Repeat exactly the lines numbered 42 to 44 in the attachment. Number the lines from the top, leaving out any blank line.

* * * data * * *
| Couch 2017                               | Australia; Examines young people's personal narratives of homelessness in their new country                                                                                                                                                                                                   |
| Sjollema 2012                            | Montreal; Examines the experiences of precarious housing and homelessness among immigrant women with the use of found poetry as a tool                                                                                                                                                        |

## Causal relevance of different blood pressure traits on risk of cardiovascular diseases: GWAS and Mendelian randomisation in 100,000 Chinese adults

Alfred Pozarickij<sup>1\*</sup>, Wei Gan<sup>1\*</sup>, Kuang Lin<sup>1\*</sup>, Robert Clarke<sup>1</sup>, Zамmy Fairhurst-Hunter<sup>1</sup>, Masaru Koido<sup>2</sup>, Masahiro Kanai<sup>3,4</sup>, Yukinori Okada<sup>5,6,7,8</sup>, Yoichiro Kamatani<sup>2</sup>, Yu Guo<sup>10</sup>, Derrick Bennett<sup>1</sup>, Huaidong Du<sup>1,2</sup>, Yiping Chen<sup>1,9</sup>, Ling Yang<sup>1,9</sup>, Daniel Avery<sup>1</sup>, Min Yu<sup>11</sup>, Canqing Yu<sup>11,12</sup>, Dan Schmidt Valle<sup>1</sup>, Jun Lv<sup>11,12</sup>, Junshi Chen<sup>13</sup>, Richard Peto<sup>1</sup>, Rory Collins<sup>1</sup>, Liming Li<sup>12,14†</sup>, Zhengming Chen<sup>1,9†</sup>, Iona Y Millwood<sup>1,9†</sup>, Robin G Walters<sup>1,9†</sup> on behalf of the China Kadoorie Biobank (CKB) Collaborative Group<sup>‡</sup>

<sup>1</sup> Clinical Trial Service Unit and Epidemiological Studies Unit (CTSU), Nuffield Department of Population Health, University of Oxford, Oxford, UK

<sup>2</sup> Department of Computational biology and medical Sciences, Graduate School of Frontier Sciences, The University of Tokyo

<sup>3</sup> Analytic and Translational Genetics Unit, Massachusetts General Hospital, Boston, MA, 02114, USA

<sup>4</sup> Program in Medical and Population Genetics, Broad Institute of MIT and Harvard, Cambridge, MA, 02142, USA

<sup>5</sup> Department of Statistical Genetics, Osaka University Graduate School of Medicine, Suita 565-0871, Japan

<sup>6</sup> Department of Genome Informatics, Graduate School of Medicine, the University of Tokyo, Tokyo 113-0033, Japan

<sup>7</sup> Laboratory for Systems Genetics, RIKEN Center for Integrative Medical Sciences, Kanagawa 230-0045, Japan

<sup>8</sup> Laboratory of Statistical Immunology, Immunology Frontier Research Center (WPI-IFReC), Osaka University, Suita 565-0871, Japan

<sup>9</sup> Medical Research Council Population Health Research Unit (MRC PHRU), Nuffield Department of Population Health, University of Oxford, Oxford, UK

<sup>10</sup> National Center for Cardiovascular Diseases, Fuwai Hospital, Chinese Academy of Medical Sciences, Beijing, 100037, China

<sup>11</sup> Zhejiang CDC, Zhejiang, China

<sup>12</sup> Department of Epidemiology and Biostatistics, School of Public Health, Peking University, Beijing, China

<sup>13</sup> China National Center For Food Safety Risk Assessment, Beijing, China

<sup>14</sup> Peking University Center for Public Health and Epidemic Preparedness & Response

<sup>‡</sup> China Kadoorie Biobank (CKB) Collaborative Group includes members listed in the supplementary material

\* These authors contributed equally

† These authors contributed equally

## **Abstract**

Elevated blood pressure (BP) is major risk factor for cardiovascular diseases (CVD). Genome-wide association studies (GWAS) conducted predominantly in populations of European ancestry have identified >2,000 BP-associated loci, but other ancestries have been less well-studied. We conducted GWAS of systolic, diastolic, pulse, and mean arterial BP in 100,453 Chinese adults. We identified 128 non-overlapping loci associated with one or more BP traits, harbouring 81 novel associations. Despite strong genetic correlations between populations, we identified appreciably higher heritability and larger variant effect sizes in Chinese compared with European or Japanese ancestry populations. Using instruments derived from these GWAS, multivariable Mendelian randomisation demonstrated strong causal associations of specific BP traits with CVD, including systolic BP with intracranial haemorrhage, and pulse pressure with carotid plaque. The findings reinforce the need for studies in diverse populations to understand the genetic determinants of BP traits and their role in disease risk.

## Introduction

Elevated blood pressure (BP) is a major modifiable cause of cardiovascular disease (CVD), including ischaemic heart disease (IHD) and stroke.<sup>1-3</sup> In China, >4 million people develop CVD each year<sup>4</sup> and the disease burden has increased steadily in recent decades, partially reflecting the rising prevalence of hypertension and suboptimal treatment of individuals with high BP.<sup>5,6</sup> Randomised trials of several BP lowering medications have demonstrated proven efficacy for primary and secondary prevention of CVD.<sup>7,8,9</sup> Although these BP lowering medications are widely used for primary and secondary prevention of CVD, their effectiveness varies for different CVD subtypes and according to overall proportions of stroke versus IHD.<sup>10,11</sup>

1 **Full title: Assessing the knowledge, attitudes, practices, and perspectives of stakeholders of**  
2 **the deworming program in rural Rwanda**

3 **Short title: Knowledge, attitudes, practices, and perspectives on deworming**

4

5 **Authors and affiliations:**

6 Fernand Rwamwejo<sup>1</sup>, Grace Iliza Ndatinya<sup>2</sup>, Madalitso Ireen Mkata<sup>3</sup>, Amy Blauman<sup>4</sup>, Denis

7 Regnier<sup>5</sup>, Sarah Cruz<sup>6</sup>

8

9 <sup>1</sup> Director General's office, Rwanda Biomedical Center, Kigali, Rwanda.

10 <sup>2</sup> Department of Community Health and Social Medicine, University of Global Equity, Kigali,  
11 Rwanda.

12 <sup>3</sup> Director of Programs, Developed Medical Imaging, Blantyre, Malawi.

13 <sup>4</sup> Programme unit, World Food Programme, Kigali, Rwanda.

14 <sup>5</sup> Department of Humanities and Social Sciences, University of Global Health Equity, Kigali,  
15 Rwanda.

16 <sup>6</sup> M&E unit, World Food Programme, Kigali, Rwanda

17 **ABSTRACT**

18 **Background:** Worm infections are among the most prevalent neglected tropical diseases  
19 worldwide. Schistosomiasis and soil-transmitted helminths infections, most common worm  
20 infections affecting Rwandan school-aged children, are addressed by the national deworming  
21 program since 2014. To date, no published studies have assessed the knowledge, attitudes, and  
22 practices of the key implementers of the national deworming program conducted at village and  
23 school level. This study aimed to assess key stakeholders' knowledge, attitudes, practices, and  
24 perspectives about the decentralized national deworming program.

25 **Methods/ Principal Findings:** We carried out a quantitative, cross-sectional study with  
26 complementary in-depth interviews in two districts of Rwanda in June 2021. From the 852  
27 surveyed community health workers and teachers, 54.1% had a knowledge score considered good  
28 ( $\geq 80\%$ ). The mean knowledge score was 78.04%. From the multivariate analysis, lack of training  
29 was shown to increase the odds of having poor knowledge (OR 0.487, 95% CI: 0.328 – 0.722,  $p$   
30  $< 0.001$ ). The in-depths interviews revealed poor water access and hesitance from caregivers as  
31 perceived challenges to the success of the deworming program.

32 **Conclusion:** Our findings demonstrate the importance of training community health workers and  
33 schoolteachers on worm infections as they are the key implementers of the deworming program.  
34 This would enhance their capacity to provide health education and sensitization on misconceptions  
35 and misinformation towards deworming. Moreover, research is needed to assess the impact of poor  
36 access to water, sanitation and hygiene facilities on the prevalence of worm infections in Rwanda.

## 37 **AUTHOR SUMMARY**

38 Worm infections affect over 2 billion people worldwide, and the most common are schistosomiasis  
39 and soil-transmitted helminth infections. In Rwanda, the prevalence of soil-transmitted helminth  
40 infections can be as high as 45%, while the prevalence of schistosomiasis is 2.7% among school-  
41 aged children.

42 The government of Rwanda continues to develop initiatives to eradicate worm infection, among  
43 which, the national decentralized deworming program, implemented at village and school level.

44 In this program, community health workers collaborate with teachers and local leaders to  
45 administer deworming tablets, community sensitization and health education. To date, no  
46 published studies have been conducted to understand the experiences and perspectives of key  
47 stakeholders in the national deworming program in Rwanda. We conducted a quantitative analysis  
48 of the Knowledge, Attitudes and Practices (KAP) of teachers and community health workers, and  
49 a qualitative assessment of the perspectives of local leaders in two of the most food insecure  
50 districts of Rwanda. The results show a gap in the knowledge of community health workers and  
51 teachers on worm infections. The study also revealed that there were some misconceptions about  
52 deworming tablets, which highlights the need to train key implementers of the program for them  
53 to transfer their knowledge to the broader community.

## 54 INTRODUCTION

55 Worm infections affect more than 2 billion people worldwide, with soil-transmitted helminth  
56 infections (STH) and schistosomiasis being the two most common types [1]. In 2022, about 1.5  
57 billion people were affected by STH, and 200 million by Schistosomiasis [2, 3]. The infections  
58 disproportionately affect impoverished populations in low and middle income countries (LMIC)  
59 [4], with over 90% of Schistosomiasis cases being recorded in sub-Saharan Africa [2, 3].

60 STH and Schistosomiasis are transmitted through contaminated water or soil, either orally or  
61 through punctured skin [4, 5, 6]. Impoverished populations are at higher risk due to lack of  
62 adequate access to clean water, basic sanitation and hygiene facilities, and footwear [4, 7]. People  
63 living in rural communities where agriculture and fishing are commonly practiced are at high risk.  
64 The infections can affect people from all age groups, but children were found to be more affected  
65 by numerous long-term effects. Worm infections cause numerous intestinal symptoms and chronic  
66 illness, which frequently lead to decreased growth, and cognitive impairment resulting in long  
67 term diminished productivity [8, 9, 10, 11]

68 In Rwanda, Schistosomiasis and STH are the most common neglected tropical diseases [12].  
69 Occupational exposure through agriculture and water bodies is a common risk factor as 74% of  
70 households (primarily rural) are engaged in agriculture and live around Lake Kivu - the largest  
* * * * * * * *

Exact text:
17 **ABSTRACT**

18 **Background:** Worm infections are among the most prevalent neglected tropical diseases  
19 worldwide. Schistosomiasis and soil-transmitted helminths infections, most common worm  